Newborn screening 101

Q What exactly is a newborn screening?

A Newborn screening in Minnesota consists of three simple tests: 

  • Blood spot screening, which checks for more than 50 rare, but treatable disorders;
  • Hearing screening, which checks for hearing loss;
  • Heart screening, which checks for critical congenital heart disease.

Q Why is it important?

A Newborn screening helps identify possible health problems that can’t be found by a physical exam or medical history. If your baby is found to have one of these conditions, interventions and treatments are available. For example, some children with a blood spot disorder are treated with a special diet or medications. Children with hearing loss can benefit from seeing an audiologist to determine communication options that best fit their families. Finally, children with heart defects can have surgery or other medical interventions before going home.

Q When does it happen?

A Ideally, newborn screening happens between 24 and 48 hours after a baby is born. 

Q Where does it happen?

A Newborn screening happens at the birth hospital or out-of-hospital birth site. Because of the equipment needed to perform the screening, your baby may be brought to a different room. You can request to go with your baby to watch as the tests are performed.

Q Do I need to ask for it?

A No, you don’t need to ask for a newborn screening. They are provided routinely as part of a normal standard of care. 

Q How is it done?

A Blood spot screening consists of a heel prick. A few drops of blood from your baby’s heel are collected on filter paper and sent to the Newborn Screening Program. Hearing screening uses a small device that plays soft sounds and measures your baby’s response to those sounds. Heart screening uses sensors placed on your baby’s hand and foot to measure the amount of oxygen in the blood.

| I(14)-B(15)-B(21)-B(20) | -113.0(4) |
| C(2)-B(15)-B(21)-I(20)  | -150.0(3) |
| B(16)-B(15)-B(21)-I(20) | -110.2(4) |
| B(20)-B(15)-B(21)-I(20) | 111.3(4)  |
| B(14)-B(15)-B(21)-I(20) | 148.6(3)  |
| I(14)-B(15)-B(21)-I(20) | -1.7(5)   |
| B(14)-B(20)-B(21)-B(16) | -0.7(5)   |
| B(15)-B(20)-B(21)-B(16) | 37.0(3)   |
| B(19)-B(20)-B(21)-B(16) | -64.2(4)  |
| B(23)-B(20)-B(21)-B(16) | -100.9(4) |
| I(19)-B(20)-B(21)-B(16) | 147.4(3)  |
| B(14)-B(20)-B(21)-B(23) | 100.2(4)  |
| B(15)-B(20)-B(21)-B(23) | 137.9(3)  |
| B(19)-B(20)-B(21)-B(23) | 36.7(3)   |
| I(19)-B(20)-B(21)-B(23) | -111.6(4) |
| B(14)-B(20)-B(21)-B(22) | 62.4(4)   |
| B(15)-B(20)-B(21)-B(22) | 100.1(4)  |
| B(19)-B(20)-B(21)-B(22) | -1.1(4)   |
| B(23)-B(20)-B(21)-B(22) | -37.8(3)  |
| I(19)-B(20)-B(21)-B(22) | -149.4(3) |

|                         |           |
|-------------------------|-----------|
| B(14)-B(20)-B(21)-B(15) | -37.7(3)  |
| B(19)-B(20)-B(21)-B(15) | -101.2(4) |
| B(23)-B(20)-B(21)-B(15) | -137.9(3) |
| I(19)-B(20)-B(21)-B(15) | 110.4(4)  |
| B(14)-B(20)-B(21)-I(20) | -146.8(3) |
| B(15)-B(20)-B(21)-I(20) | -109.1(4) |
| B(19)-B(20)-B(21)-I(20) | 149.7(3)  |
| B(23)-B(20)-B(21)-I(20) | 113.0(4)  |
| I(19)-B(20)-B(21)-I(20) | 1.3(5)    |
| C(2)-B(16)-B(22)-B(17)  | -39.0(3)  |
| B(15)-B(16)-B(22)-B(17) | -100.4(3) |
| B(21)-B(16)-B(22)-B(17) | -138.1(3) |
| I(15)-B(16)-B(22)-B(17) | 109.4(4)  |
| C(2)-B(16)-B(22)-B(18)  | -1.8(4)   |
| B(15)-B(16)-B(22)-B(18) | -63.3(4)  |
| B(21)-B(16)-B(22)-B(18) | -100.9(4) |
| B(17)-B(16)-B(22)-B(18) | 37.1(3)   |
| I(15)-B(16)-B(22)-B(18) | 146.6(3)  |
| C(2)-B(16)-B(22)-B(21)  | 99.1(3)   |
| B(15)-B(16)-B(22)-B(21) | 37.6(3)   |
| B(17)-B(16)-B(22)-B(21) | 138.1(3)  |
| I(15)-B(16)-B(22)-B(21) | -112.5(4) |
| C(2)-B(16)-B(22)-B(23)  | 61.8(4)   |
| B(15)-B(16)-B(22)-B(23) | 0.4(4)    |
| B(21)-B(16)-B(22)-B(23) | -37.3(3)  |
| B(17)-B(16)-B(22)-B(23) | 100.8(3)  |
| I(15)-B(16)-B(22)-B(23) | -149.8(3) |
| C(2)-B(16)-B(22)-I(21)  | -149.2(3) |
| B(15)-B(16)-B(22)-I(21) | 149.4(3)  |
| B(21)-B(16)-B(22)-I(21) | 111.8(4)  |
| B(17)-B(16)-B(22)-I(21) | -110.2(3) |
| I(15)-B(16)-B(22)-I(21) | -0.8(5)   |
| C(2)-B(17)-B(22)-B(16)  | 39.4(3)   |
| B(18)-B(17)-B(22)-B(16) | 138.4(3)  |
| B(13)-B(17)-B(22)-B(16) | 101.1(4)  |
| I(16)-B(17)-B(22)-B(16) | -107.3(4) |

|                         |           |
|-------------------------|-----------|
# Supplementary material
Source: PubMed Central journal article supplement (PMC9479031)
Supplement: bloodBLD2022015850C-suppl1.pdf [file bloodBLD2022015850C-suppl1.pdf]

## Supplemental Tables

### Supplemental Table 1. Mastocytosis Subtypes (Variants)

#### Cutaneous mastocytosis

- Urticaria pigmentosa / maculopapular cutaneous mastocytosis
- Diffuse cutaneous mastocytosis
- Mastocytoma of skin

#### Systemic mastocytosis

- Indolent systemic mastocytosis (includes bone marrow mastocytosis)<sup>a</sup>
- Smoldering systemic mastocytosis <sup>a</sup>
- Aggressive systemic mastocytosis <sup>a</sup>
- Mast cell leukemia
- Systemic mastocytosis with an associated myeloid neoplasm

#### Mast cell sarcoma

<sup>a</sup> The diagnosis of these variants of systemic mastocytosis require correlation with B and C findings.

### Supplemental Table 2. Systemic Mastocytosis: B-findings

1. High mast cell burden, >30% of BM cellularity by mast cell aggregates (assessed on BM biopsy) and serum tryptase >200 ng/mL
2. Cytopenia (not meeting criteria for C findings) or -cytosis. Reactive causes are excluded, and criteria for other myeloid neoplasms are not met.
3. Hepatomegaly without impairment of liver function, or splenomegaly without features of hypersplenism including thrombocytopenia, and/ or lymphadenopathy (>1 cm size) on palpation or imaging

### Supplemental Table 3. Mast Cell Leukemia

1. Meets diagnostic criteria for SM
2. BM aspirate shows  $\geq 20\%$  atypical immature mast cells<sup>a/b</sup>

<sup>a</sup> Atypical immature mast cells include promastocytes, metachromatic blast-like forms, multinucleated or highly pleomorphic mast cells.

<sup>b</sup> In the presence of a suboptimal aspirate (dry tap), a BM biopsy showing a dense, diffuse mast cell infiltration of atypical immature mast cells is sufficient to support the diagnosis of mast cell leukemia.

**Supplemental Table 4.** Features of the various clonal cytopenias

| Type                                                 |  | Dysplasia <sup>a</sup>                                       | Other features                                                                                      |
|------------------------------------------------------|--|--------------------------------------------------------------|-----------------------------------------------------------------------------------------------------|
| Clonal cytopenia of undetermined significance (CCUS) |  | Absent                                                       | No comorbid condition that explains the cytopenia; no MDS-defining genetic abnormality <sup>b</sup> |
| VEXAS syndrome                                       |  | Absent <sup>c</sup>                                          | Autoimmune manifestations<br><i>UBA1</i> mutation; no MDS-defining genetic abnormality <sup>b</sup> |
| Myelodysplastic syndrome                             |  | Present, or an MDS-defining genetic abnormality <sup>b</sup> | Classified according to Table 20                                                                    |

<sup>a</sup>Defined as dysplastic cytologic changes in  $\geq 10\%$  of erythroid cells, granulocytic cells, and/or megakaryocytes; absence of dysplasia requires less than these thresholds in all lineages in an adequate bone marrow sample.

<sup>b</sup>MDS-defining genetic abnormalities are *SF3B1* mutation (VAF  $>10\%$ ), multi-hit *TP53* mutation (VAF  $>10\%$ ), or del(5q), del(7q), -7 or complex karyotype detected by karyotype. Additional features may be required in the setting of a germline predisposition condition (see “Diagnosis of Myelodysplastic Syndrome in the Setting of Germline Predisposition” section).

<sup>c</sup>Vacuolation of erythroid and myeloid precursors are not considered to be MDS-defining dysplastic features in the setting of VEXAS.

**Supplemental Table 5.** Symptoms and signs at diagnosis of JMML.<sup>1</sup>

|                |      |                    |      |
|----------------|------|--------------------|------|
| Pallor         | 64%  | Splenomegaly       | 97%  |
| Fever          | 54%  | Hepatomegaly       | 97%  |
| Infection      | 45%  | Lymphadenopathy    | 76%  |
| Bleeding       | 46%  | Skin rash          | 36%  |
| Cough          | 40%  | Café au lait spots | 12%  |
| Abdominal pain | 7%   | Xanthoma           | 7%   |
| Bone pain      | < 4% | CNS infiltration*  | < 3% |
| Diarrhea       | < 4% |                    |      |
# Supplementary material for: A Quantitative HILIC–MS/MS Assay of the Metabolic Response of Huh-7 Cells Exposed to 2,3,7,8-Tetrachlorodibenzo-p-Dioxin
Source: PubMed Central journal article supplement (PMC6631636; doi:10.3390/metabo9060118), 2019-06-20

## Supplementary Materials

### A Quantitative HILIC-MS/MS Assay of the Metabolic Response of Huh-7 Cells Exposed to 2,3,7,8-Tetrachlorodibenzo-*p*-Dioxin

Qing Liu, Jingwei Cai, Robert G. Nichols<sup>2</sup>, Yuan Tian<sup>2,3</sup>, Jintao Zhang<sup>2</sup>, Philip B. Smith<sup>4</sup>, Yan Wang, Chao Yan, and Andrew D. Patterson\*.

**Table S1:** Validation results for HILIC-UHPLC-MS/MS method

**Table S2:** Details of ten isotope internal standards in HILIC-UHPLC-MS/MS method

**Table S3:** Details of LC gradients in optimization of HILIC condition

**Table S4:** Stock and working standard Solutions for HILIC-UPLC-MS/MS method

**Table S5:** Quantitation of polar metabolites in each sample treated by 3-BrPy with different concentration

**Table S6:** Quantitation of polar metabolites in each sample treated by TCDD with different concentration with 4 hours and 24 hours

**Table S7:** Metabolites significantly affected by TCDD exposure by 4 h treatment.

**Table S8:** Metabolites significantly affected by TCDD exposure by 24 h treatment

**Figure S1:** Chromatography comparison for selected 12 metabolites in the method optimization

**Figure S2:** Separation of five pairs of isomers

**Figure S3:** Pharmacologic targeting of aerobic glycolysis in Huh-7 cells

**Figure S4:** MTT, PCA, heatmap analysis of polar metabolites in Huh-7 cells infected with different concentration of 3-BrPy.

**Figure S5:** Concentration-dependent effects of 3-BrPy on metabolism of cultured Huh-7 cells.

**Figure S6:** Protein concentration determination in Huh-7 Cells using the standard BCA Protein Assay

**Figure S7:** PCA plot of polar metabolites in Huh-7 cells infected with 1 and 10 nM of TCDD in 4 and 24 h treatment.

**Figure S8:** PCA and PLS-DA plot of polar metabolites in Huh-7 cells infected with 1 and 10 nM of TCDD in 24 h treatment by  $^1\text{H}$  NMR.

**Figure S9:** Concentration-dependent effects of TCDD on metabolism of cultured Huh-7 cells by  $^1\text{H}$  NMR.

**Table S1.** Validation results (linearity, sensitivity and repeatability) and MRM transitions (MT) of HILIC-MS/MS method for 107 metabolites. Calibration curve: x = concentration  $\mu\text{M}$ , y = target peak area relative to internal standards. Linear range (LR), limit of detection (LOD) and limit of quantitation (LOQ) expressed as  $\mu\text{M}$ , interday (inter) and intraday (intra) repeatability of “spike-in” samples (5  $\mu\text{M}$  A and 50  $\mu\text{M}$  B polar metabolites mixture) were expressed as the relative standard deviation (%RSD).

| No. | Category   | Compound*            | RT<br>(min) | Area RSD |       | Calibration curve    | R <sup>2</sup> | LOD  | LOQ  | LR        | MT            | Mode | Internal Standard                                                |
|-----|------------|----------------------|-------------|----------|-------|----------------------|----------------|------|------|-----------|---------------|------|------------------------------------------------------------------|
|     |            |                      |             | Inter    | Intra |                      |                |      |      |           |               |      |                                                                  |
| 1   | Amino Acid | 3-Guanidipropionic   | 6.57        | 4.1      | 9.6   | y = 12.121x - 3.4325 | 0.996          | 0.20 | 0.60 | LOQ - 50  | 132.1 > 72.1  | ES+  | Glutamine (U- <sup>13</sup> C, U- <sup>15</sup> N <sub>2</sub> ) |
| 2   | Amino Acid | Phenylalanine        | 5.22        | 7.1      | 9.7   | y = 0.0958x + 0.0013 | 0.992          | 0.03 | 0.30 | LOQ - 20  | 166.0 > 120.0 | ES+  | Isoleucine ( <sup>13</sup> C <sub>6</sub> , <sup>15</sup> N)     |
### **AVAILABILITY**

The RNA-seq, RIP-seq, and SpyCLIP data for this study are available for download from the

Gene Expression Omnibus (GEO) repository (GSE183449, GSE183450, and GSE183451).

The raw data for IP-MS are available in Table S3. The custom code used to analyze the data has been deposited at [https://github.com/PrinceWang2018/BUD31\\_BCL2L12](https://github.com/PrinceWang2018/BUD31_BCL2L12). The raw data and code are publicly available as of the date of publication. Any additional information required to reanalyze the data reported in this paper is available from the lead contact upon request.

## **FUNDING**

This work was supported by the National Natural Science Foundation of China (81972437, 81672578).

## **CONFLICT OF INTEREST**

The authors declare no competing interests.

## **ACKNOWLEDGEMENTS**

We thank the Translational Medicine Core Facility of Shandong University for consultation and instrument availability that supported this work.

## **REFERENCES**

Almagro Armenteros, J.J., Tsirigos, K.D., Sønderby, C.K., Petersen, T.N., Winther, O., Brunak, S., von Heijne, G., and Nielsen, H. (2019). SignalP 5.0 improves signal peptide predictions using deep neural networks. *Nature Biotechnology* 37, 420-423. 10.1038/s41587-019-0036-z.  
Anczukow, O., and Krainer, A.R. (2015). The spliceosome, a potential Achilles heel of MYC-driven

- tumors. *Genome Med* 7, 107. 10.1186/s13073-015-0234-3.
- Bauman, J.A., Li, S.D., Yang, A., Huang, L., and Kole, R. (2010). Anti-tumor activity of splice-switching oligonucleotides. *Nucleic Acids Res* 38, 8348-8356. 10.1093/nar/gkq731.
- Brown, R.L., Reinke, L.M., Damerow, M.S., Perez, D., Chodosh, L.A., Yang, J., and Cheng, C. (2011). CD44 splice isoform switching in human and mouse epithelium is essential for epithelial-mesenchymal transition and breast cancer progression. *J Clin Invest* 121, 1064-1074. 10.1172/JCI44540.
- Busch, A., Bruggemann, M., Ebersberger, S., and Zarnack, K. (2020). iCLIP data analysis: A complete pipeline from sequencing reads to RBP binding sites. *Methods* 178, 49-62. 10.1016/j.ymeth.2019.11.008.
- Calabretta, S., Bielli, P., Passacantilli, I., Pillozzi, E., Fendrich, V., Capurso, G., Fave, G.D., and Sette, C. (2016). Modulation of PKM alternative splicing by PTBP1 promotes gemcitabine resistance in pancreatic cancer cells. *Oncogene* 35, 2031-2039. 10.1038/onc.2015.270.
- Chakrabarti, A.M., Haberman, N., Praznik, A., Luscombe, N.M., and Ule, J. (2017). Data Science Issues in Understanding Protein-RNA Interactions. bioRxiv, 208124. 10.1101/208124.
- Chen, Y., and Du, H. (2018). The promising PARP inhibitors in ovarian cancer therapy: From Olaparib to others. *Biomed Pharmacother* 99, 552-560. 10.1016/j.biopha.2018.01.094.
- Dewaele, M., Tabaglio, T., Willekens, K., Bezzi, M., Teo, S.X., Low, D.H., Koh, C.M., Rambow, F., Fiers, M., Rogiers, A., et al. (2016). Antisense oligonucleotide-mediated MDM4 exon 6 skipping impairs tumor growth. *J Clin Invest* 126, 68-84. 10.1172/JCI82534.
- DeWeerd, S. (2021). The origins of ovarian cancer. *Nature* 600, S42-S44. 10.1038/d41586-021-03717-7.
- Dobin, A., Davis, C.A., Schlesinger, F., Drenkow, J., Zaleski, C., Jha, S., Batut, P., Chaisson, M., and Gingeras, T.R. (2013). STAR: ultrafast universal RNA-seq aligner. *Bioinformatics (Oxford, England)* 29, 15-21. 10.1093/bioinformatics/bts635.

Q There’s no history of these conditions in my family. Does my baby still need a screening?

A Yes, most of the children found to have one of the conditions screened for are born to families with no previous family history. 

Q How will I get the results?

A The person performing the hearing and heart screening will give you the results the same day. The blood spot screening takes a few days. If your baby has an abnormal (positive or borderline) result, Newborn Screening Program staff will contact your baby’s doctor as soon as possible. Your baby’s doctor will then contact you to discuss next steps. Some results don’t require medical attention, but are important for you to know about, so the Newborn Screening Program will mail them to you directly. 

Don’t assume that no news is good news: Ask your baby’s doctor about your baby’s screening results at the first well-child visit. If your baby’s doctor doesn’t have the results yet, he or she can call the Newborn Screening Program. 

Q If my baby has an abnormal result, does that mean my baby has that condition?

A Not necessarily. Newborn screening casts a wide net because we don’t want a child who has one of these conditions to be missed. Any abnormal screening result needs to be followed up with additional testing to determine if your baby has that specific condition.

Q How are screening costs covered?

A The cost of screening is typically included with birthing and nursery charges, which are usually covered by health insurance. If you’re planning an out-of-hospital birth, a newborn screening might not be covered by insurance. It’s important to talk with your out-of-hospital birth provider about screening costs.

Dr. Sheldon Berkowitz is a pediatrician in the General Pediatrics Clinic at Children’s Minnesota in Minneapolis. He’s been in practice for more than 30 years and is the president-elect of the Minnesota Chapter of the American Academy of Pediatrics.